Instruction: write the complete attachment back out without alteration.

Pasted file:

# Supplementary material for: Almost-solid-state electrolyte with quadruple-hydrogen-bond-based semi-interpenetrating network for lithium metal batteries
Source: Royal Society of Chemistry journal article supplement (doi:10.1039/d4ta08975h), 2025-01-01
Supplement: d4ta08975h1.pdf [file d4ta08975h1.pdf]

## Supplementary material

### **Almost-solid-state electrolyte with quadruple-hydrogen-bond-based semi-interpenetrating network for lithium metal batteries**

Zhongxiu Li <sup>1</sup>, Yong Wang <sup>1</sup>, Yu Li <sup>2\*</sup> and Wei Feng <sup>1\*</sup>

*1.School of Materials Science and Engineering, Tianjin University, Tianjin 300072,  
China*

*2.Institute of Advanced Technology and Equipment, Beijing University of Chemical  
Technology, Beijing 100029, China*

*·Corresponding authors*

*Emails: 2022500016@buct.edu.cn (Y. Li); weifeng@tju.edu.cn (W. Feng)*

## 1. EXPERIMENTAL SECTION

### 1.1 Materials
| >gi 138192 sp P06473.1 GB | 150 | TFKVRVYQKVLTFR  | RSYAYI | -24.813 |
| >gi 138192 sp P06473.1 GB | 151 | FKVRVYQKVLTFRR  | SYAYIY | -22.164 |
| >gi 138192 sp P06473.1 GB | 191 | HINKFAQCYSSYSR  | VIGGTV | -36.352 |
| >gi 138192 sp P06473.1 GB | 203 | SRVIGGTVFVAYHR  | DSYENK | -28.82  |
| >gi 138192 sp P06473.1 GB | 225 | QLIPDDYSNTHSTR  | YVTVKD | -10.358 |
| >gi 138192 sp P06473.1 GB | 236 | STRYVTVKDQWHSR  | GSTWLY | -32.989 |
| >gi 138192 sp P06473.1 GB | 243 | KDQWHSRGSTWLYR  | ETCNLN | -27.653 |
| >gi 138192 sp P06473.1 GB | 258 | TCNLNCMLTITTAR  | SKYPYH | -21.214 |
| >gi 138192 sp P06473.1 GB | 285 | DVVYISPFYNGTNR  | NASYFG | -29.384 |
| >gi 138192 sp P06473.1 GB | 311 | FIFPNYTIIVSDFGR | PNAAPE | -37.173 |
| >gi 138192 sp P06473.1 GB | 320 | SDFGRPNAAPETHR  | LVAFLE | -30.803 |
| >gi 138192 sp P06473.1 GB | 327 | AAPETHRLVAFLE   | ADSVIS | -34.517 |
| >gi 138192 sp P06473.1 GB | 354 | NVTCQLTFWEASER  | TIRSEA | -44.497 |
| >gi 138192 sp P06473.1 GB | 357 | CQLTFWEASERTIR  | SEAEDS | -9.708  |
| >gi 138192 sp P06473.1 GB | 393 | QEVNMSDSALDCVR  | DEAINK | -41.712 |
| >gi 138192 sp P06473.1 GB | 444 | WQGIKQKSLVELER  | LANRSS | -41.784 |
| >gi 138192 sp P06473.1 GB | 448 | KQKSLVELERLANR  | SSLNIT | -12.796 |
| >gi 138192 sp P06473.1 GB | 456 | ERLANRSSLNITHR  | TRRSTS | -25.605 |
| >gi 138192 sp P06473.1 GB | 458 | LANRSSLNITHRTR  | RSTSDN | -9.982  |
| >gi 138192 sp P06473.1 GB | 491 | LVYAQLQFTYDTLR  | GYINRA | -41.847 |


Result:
# Supplementary material for: Almost-solid-state electrolyte with quadruple-hydrogen-bond-based semi-interpenetrating network for lithium metal batteries
Source: Royal Society of Chemistry journal article supplement (doi:10.1039/d4ta08975h), 2025-01-01
Supplement: d4ta08975h1.pdf [file d4ta08975h1.pdf]

## Supplementary material

### **Almost-solid-state electrolyte with quadruple-hydrogen-bond-based semi-interpenetrating network for lithium metal batteries**

Zhongxiu Li <sup>1</sup>, Yong Wang <sup>1</sup>, Yu Li <sup>2\*</sup> and Wei Feng <sup>1\*</sup>

*1.School of Materials Science and Engineering, Tianjin University, Tianjin 300072,  
China*

*2.Institute of Advanced Technology and Equipment, Beijing University of Chemical  
Technology, Beijing 100029, China*

*·Corresponding authors*

*Emails: 2022500016@buct.edu.cn (Y. Li); weifeng@tju.edu.cn (W. Feng)*

## 1. EXPERIMENTAL SECTION

### 1.1 Materials
| >gi 138192 sp P06473.1 GB | 150 | TFKVRVYQKVLTFR  | RSYAYI | -24.813 |
| >gi 138192 sp P06473.1 GB | 151 | FKVRVYQKVLTFRR  | SYAYIY | -22.164 |
| >gi 138192 sp P06473.1 GB | 191 | HINKFAQCYSSYSR  | VIGGTV | -36.352 |
| >gi 138192 sp P06473.1 GB | 203 | SRVIGGTVFVAYHR  | DSYENK | -28.82  |
| >gi 138192 sp P06473.1 GB | 225 | QLIPDDYSNTHSTR  | YVTVKD | -10.358 |
| >gi 138192 sp P06473.1 GB | 236 | STRYVTVKDQWHSR  | GSTWLY | -32.989 |
| >gi 138192 sp P06473.1 GB | 243 | KDQWHSRGSTWLYR  | ETCNLN | -27.653 |
| >gi 138192 sp P06473.1 GB | 258 | TCNLNCMLTITTAR  | SKYPYH | -21.214 |
| >gi 138192 sp P06473.1 GB | 285 | DVVYISPFYNGTNR  | NASYFG | -29.384 |
| >gi 138192 sp P06473.1 GB | 311 | FIFPNYTIIVSDFGR | PNAAPE | -37.173 |
| >gi 138192 sp P06473.1 GB | 320 | SDFGRPNAAPETHR  | LVAFLE | -30.803 |
| >gi 138192 sp P06473.1 GB | 327 | AAPETHRLVAFLE   | ADSVIS | -34.517 |
| >gi 138192 sp P06473.1 GB | 354 | NVTCQLTFWEASER  | TIRSEA | -44.497 |
| >gi 138192 sp P06473.1 GB | 357 | CQLTFWEASERTIR  | SEAEDS | -9.708  |
| >gi 138192 sp P06473.1 GB | 393 | QEVNMSDSALDCVR  | DEAINK | -41.712 |
| >gi 138192 sp P06473.1 GB | 444 | WQGIKQKSLVELER  | LANRSS | -41.784 |
| >gi 138192 sp P06473.1 GB | 448 | KQKSLVELERLANR  | SSLNIT | -12.796 |
| >gi 138192 sp P06473.1 GB | 456 | ERLANRSSLNITHR  | TRRSTS | -25.605 |
| >gi 138192 sp P06473.1 GB | 458 | LANRSSLNITHRTR  | RSTSDN | -9.982  |
| >gi 138192 sp P06473.1 GB | 491 | LVYAQLQFTYDTLR  | GYINRA | -41.847 |